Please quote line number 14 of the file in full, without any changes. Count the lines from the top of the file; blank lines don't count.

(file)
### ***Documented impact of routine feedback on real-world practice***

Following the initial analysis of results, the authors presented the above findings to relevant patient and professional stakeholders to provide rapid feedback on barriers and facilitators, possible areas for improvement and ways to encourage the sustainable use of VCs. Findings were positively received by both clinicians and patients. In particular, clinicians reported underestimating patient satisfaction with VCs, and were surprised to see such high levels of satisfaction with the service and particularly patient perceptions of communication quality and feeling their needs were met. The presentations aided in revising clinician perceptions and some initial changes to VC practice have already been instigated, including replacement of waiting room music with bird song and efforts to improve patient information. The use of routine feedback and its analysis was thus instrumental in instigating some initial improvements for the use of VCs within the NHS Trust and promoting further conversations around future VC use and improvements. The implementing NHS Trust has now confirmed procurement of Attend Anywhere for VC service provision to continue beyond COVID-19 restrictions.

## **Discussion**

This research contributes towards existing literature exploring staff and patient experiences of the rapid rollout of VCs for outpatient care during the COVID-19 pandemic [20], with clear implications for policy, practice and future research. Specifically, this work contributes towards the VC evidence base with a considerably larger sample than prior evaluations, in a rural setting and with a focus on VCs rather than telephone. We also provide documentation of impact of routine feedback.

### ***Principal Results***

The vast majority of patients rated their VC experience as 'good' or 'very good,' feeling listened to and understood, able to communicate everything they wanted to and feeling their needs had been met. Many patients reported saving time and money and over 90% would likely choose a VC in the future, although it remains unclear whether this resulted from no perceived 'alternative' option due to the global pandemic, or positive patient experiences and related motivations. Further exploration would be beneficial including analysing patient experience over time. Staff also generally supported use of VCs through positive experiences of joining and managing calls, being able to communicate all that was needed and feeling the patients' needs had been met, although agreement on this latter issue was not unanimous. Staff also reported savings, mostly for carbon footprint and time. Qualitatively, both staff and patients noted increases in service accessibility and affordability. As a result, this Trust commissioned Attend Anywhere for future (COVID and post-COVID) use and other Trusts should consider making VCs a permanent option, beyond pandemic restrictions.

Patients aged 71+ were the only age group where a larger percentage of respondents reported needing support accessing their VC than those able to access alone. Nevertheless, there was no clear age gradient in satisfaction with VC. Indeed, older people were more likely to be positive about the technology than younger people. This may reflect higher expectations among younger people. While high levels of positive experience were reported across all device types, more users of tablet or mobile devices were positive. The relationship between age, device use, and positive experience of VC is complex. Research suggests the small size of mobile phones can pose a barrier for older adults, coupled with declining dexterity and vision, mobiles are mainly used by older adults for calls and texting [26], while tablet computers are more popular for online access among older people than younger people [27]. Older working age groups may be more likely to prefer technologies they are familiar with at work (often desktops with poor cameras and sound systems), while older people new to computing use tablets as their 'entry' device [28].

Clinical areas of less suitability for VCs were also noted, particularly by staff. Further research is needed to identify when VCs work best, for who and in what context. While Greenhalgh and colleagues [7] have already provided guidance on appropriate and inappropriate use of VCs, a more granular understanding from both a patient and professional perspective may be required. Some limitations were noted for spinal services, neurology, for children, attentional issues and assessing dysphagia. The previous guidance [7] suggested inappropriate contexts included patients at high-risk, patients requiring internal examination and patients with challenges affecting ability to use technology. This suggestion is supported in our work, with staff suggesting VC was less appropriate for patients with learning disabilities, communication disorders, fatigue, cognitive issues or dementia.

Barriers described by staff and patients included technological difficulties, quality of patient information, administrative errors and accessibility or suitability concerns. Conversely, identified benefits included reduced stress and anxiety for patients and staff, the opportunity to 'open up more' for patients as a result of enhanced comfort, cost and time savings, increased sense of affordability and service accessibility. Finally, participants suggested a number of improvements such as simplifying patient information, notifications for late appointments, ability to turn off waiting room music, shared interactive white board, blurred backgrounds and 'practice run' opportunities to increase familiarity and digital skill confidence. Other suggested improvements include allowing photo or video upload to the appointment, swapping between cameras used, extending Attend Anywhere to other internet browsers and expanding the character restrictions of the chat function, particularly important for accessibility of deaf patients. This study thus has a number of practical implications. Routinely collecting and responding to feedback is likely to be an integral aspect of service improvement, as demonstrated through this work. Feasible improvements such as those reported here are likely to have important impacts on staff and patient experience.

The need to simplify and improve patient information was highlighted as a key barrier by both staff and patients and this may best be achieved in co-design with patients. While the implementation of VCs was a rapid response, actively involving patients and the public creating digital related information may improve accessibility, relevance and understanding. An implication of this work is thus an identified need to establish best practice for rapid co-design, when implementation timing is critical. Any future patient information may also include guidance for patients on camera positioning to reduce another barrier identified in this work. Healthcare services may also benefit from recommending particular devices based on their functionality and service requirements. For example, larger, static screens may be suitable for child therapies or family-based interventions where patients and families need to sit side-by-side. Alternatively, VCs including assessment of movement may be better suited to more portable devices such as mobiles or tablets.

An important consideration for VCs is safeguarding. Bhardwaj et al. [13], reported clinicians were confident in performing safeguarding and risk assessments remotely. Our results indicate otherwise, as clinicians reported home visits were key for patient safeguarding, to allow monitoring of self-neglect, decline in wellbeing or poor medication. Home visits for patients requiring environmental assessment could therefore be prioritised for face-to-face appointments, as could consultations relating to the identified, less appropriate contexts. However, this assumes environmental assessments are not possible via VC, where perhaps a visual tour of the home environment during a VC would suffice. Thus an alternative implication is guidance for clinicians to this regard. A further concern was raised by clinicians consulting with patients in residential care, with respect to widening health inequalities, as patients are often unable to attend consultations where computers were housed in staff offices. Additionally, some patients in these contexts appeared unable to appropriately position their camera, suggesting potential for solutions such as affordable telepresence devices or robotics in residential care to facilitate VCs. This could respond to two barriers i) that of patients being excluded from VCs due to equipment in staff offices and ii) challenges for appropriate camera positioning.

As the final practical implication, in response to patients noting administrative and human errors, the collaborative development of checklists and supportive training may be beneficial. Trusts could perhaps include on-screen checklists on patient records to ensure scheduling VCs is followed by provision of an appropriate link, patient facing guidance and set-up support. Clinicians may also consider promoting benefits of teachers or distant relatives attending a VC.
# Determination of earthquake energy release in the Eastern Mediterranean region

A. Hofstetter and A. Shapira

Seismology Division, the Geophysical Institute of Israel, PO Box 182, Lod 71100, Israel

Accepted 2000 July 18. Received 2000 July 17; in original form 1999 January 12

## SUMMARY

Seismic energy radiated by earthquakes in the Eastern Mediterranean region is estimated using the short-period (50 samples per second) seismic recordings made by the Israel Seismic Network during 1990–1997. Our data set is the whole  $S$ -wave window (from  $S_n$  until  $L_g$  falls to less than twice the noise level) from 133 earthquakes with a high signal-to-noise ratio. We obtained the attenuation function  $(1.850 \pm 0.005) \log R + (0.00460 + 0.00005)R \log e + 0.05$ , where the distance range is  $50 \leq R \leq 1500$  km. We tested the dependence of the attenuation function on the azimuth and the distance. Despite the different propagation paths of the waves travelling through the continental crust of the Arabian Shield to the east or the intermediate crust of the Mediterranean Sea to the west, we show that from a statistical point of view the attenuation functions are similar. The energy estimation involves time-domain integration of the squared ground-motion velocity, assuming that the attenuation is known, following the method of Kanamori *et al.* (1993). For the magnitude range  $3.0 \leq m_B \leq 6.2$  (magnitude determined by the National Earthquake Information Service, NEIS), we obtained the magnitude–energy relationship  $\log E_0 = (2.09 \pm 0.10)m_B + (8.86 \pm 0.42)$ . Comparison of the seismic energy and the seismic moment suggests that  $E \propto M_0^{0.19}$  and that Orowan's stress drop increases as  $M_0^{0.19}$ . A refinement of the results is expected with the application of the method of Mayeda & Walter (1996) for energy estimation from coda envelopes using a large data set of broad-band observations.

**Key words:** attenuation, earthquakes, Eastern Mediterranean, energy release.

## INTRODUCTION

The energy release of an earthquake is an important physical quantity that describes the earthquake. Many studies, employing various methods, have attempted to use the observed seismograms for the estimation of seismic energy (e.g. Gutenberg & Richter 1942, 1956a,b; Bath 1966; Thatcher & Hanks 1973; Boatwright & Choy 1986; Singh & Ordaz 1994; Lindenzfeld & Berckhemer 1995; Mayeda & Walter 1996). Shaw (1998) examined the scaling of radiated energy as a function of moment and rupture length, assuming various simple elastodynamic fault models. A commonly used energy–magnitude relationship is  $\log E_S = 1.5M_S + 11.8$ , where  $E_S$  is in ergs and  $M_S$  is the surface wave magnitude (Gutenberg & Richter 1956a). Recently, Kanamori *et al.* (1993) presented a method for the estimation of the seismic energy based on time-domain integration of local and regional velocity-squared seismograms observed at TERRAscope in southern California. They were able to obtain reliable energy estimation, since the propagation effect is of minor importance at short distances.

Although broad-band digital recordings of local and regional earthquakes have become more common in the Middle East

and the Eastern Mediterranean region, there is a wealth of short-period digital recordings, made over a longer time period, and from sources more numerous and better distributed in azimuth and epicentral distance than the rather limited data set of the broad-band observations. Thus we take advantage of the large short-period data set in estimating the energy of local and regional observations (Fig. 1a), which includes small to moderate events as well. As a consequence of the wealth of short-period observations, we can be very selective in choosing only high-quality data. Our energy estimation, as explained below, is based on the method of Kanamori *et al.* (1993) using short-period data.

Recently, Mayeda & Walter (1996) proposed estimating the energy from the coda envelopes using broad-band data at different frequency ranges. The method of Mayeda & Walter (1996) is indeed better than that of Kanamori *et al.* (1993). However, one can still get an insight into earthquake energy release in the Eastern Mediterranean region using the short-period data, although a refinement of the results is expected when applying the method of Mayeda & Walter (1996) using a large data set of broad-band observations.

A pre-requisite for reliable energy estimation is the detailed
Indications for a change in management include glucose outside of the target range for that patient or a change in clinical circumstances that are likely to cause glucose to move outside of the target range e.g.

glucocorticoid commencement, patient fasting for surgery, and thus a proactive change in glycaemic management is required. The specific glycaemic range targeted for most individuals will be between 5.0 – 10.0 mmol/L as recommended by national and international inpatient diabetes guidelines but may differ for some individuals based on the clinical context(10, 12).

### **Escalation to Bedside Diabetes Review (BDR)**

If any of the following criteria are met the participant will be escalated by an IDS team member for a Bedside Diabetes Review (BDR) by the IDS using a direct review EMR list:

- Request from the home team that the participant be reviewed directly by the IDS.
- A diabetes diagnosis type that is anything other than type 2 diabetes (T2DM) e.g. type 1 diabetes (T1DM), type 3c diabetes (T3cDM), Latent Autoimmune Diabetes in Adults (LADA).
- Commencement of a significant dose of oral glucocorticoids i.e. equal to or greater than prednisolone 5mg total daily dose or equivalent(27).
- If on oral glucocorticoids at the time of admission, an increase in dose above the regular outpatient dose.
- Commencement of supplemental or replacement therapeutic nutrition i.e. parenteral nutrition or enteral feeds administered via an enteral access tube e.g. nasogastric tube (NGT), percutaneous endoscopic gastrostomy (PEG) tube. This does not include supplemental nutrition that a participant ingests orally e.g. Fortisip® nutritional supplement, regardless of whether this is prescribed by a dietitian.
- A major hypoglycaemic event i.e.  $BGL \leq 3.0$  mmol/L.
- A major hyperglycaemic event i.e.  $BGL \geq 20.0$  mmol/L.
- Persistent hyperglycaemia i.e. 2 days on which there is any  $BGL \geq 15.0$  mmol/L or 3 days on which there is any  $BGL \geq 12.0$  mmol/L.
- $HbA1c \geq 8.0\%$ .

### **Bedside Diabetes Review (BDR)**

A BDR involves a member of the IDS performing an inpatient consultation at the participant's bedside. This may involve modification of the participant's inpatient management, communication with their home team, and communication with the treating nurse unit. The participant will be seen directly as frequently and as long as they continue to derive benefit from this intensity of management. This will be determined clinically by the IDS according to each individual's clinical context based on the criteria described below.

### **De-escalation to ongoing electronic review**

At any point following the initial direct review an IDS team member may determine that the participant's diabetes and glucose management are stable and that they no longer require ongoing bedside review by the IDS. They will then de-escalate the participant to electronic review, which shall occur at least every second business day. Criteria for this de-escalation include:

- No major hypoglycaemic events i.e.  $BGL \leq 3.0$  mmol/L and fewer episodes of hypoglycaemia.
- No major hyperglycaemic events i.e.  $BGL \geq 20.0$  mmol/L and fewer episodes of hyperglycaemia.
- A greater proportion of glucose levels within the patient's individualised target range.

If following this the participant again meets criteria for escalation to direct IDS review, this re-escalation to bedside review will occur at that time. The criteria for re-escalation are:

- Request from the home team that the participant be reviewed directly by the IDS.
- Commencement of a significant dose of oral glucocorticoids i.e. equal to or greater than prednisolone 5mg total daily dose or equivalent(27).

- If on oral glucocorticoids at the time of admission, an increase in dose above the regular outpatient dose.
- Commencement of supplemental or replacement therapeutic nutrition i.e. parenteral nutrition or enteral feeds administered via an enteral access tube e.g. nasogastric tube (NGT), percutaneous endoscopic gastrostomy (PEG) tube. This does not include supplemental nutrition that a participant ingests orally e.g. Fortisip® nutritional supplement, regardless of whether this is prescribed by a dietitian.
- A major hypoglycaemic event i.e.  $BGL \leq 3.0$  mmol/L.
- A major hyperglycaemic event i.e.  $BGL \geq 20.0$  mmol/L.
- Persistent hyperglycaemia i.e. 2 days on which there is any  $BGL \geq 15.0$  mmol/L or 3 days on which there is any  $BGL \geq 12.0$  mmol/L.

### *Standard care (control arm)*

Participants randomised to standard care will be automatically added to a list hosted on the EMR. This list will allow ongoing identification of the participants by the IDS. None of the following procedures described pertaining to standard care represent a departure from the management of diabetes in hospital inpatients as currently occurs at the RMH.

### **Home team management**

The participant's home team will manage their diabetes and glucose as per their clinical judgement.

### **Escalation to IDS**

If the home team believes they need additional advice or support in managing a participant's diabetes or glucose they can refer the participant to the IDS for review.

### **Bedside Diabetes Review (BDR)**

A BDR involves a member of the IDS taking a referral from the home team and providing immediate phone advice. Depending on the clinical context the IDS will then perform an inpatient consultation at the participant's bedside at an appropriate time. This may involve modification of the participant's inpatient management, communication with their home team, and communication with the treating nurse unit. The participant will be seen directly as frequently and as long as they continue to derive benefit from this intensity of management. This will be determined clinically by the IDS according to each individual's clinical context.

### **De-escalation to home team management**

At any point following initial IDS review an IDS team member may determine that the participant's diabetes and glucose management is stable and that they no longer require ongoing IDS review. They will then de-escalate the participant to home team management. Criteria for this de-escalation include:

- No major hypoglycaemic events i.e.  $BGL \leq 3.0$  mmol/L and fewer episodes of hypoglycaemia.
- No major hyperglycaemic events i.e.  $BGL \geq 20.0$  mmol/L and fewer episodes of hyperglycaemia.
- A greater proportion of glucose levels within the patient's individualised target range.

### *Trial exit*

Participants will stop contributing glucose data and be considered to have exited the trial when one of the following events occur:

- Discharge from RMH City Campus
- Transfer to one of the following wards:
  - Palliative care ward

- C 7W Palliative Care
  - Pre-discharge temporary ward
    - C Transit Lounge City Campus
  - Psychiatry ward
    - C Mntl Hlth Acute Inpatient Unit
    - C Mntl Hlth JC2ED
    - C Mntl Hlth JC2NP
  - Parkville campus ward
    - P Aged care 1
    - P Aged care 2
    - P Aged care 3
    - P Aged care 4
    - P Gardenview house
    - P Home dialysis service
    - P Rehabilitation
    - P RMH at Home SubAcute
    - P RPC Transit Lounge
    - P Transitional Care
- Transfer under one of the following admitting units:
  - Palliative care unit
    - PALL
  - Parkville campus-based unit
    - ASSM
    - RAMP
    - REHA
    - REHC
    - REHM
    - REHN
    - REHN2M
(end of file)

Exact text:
A. Hofstetter and A. Shapira